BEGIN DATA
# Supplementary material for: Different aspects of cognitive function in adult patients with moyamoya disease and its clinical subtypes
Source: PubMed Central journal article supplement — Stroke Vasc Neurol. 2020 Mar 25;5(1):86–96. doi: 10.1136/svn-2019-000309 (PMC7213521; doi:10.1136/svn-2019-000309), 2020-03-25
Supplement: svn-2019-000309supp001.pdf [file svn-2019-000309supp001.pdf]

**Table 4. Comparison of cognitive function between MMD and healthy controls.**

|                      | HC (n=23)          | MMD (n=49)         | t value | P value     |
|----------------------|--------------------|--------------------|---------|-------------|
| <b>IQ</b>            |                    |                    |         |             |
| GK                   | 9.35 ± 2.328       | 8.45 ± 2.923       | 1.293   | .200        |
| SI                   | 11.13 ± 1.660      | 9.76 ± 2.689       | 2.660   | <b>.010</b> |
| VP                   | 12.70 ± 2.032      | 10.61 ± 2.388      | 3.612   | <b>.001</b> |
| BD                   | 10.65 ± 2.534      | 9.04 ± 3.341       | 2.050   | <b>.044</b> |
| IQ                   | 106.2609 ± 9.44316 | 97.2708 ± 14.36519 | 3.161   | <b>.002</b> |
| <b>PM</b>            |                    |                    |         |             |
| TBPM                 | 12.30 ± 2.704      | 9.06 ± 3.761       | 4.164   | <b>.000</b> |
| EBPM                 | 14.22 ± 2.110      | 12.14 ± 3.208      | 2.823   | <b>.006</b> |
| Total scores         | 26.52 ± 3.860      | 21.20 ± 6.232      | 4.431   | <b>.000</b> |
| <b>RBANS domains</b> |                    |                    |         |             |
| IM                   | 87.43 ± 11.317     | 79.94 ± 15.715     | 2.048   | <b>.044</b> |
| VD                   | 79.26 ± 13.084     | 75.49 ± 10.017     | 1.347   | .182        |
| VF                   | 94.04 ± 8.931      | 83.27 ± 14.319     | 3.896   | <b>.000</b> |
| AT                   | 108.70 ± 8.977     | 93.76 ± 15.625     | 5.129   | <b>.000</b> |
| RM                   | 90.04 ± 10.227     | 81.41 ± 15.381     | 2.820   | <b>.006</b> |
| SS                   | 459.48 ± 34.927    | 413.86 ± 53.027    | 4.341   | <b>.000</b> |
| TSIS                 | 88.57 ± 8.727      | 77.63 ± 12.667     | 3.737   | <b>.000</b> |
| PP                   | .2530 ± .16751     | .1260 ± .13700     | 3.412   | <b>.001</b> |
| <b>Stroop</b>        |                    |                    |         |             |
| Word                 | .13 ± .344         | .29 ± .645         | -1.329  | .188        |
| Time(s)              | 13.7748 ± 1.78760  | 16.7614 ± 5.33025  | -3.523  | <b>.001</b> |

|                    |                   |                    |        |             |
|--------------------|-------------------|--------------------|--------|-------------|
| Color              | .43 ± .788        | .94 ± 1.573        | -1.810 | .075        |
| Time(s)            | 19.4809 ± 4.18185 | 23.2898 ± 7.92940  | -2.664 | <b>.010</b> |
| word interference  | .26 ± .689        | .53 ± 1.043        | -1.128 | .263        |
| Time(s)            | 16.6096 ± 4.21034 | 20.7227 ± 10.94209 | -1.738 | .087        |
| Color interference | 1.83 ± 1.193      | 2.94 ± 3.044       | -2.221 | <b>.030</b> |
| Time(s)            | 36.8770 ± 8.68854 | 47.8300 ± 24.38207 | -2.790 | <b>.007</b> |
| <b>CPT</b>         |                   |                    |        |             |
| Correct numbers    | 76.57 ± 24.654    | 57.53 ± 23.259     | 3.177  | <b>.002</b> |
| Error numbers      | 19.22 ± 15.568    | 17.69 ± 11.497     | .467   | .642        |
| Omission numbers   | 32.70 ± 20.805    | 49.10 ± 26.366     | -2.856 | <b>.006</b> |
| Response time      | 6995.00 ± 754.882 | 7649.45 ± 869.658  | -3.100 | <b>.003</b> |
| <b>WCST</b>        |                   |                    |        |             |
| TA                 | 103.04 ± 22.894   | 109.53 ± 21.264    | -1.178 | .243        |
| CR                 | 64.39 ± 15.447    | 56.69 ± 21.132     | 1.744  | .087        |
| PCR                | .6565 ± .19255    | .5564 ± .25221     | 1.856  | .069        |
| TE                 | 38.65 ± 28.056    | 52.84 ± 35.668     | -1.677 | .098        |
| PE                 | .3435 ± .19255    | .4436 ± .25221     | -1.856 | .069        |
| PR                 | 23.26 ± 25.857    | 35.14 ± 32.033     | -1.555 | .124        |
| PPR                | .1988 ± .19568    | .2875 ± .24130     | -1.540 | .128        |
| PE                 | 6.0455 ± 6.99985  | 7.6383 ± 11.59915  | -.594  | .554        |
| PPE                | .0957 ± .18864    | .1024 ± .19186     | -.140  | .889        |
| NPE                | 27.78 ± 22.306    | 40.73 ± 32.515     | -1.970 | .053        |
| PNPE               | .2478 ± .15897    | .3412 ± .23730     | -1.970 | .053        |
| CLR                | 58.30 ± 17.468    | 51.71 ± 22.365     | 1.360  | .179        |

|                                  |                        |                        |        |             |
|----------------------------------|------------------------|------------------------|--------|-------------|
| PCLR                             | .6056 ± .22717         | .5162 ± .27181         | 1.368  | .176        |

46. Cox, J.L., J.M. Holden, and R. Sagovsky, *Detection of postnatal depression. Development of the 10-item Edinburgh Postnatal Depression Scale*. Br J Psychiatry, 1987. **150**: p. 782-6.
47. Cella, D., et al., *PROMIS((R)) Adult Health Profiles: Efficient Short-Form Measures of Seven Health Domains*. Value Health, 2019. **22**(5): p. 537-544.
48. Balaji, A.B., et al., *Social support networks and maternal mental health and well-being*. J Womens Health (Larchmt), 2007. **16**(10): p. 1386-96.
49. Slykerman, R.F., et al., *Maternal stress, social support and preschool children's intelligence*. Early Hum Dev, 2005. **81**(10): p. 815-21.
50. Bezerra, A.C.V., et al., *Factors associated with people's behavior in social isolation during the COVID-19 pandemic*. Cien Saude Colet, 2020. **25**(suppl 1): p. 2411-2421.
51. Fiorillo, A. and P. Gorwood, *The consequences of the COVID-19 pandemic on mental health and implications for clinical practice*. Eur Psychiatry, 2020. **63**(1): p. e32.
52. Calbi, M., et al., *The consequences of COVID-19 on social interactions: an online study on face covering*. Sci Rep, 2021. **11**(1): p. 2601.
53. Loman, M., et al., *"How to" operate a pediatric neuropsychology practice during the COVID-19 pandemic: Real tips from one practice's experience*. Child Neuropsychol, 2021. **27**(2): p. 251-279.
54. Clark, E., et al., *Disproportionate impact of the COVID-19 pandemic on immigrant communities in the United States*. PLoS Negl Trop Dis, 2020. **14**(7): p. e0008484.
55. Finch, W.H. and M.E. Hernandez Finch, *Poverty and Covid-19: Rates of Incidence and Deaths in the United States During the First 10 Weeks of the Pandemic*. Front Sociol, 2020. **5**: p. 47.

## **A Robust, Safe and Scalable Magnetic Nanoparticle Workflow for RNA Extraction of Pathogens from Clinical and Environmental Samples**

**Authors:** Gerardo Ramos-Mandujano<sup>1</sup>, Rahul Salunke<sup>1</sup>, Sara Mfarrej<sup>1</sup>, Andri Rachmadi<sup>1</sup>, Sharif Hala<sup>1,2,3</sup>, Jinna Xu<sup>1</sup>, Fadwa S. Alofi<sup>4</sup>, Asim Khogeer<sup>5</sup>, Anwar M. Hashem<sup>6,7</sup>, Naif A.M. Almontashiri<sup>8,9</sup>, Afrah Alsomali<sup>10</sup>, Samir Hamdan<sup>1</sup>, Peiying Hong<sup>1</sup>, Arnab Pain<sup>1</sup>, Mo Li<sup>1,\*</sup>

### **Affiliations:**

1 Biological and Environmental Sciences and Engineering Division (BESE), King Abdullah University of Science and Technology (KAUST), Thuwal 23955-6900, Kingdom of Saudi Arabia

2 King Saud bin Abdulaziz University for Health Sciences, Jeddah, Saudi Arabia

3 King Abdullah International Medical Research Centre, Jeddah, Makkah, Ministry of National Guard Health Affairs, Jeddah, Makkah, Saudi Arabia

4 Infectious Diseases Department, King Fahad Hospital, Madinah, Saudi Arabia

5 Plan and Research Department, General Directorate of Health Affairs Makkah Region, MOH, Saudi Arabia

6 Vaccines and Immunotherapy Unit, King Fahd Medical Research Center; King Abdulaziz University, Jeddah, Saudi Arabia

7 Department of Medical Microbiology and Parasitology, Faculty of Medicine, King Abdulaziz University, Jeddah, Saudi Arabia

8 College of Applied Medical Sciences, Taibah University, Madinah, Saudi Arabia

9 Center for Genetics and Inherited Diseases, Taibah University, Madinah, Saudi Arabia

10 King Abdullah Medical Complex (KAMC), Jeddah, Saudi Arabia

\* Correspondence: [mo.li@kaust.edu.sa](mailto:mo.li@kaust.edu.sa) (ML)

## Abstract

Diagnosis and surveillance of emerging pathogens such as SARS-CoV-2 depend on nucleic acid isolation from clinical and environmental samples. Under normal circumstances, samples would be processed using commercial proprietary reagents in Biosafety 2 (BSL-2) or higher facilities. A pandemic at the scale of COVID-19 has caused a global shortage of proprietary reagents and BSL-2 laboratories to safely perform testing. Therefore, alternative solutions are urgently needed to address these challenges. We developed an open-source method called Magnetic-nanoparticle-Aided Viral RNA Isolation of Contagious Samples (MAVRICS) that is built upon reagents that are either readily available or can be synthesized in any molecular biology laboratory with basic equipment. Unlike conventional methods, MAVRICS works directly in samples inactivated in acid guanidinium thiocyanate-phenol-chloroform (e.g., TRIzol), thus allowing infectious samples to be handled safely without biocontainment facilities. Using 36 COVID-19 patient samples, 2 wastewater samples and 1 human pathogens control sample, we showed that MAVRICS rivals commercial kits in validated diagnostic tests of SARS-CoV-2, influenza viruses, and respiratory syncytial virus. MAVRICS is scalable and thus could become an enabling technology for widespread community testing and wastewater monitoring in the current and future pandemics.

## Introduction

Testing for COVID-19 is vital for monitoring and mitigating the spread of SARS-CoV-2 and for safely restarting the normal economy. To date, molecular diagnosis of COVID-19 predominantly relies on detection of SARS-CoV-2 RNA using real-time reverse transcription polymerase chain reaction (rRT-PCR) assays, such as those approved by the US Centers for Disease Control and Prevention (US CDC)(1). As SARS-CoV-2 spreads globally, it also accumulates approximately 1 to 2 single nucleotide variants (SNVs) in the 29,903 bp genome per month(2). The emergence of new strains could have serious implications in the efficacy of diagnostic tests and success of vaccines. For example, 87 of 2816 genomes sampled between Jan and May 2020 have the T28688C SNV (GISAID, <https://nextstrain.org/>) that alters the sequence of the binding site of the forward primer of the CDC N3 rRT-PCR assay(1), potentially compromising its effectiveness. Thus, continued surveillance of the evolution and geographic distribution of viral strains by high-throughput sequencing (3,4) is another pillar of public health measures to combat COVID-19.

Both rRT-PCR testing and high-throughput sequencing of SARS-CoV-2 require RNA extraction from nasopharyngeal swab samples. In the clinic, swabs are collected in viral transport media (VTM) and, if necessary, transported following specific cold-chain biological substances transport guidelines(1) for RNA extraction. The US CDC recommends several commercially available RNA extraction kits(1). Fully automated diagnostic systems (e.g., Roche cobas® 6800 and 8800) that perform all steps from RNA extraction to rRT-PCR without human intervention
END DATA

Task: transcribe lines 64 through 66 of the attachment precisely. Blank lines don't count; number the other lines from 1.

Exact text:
52. Calbi, M., et al., *The consequences of COVID-19 on social interactions: an online study on face covering*. Sci Rep, 2021. **11**(1): p. 2601.
53. Loman, M., et al., *"How to" operate a pediatric neuropsychology practice during the COVID-19 pandemic: Real tips from one practice's experience*. Child Neuropsychol, 2021. **27**(2): p. 251-279.
54. Clark, E., et al., *Disproportionate impact of the COVID-19 pandemic on immigrant communities in the United States*. PLoS Negl Trop Dis, 2020. **14**(7): p. e0008484.